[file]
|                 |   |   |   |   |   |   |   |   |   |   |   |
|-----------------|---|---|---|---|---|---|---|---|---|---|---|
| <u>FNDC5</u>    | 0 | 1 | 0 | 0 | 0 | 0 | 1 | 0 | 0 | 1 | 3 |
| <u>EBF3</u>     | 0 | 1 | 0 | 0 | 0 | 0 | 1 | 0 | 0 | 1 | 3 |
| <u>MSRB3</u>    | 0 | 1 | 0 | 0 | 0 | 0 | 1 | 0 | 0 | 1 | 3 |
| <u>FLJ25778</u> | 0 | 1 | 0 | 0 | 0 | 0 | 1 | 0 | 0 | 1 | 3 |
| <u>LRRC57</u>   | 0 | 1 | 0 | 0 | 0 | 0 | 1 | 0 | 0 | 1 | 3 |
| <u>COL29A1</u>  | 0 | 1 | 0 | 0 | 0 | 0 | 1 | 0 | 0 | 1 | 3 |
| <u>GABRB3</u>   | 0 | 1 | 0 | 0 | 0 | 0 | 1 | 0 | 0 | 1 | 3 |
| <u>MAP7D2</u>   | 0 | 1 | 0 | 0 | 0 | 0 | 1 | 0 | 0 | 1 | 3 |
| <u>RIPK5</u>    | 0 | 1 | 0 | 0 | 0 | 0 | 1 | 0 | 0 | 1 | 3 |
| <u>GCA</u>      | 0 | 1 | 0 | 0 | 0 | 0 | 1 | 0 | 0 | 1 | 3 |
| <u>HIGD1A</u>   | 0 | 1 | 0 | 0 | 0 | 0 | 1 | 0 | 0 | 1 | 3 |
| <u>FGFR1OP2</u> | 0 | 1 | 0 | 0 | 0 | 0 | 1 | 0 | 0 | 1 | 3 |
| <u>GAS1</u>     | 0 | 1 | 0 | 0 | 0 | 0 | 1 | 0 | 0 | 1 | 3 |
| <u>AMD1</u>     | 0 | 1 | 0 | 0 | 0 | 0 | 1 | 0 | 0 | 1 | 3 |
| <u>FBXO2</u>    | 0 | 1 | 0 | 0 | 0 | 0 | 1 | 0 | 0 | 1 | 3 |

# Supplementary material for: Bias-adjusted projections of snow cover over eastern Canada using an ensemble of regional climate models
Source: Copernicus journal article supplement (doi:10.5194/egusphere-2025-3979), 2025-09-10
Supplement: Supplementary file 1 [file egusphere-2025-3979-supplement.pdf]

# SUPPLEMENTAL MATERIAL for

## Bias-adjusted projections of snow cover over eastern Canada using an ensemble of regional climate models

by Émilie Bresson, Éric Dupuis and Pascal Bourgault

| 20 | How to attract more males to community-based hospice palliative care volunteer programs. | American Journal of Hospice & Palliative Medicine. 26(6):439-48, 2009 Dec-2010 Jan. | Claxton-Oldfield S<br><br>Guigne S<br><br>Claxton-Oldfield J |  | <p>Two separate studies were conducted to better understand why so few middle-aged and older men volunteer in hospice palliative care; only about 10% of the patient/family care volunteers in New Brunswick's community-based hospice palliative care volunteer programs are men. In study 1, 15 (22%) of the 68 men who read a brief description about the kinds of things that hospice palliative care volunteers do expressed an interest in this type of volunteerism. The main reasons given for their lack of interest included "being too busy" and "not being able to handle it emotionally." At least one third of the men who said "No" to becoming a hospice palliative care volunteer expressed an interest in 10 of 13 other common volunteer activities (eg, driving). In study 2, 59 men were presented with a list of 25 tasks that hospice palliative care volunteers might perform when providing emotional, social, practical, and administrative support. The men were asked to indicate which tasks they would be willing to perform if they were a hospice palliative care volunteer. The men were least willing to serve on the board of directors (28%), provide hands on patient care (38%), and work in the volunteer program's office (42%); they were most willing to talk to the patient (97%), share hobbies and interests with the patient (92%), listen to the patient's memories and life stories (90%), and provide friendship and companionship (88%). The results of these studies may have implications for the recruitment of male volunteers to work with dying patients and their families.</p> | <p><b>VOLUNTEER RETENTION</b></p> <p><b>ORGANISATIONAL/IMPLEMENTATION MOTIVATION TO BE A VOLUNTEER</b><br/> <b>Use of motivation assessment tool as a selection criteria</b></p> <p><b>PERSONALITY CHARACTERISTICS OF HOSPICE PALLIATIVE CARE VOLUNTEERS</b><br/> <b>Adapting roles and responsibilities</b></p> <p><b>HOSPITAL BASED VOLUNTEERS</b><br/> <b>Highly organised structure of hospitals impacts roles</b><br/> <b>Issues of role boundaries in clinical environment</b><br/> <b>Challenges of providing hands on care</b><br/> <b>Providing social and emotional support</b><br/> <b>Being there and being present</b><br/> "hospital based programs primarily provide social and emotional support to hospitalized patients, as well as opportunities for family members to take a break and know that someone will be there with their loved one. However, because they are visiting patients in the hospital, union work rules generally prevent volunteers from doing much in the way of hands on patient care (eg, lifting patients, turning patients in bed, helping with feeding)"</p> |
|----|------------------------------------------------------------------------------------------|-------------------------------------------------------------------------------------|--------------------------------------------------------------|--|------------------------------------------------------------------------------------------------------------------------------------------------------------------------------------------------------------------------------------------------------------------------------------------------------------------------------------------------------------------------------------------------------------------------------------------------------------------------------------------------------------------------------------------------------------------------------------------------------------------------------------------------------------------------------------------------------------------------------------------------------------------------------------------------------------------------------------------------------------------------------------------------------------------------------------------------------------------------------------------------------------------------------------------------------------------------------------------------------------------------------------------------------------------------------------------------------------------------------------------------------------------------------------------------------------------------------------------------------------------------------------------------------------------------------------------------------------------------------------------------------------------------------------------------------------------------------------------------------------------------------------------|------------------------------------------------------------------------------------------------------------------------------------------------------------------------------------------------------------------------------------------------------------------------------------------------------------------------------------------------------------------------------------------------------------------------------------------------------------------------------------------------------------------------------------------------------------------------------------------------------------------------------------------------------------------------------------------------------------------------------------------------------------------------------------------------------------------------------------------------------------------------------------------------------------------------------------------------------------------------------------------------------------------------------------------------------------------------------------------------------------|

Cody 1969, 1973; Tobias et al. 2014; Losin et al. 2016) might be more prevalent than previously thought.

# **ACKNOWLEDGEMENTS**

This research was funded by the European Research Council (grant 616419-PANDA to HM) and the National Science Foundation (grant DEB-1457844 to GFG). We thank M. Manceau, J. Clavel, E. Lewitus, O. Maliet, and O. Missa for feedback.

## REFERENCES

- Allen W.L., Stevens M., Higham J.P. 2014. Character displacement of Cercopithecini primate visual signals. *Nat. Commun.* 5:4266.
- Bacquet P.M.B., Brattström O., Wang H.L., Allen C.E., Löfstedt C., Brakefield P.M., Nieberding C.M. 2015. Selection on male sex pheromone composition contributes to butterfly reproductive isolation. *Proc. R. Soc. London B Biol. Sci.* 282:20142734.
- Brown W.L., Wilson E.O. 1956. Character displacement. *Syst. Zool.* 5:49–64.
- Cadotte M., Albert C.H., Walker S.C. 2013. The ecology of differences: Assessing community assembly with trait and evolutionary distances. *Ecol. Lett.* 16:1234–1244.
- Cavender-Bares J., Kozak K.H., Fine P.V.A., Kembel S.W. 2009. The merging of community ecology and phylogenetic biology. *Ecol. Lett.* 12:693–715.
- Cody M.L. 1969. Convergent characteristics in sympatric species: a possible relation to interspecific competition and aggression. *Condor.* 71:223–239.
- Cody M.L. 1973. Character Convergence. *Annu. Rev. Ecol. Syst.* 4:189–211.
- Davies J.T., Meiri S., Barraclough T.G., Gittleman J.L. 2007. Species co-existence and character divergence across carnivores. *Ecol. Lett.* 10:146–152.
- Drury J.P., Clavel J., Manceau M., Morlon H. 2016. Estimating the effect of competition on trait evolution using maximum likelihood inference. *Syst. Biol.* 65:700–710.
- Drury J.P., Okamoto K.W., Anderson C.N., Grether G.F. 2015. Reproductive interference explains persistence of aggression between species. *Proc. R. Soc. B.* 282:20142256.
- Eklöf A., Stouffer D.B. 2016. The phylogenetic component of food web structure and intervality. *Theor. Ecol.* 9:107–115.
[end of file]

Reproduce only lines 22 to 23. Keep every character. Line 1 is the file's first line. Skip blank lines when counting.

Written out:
## Bias-adjusted projections of snow cover over eastern Canada using an ensemble of regional climate models

by Émilie Bresson, Éric Dupuis and Pascal Bourgault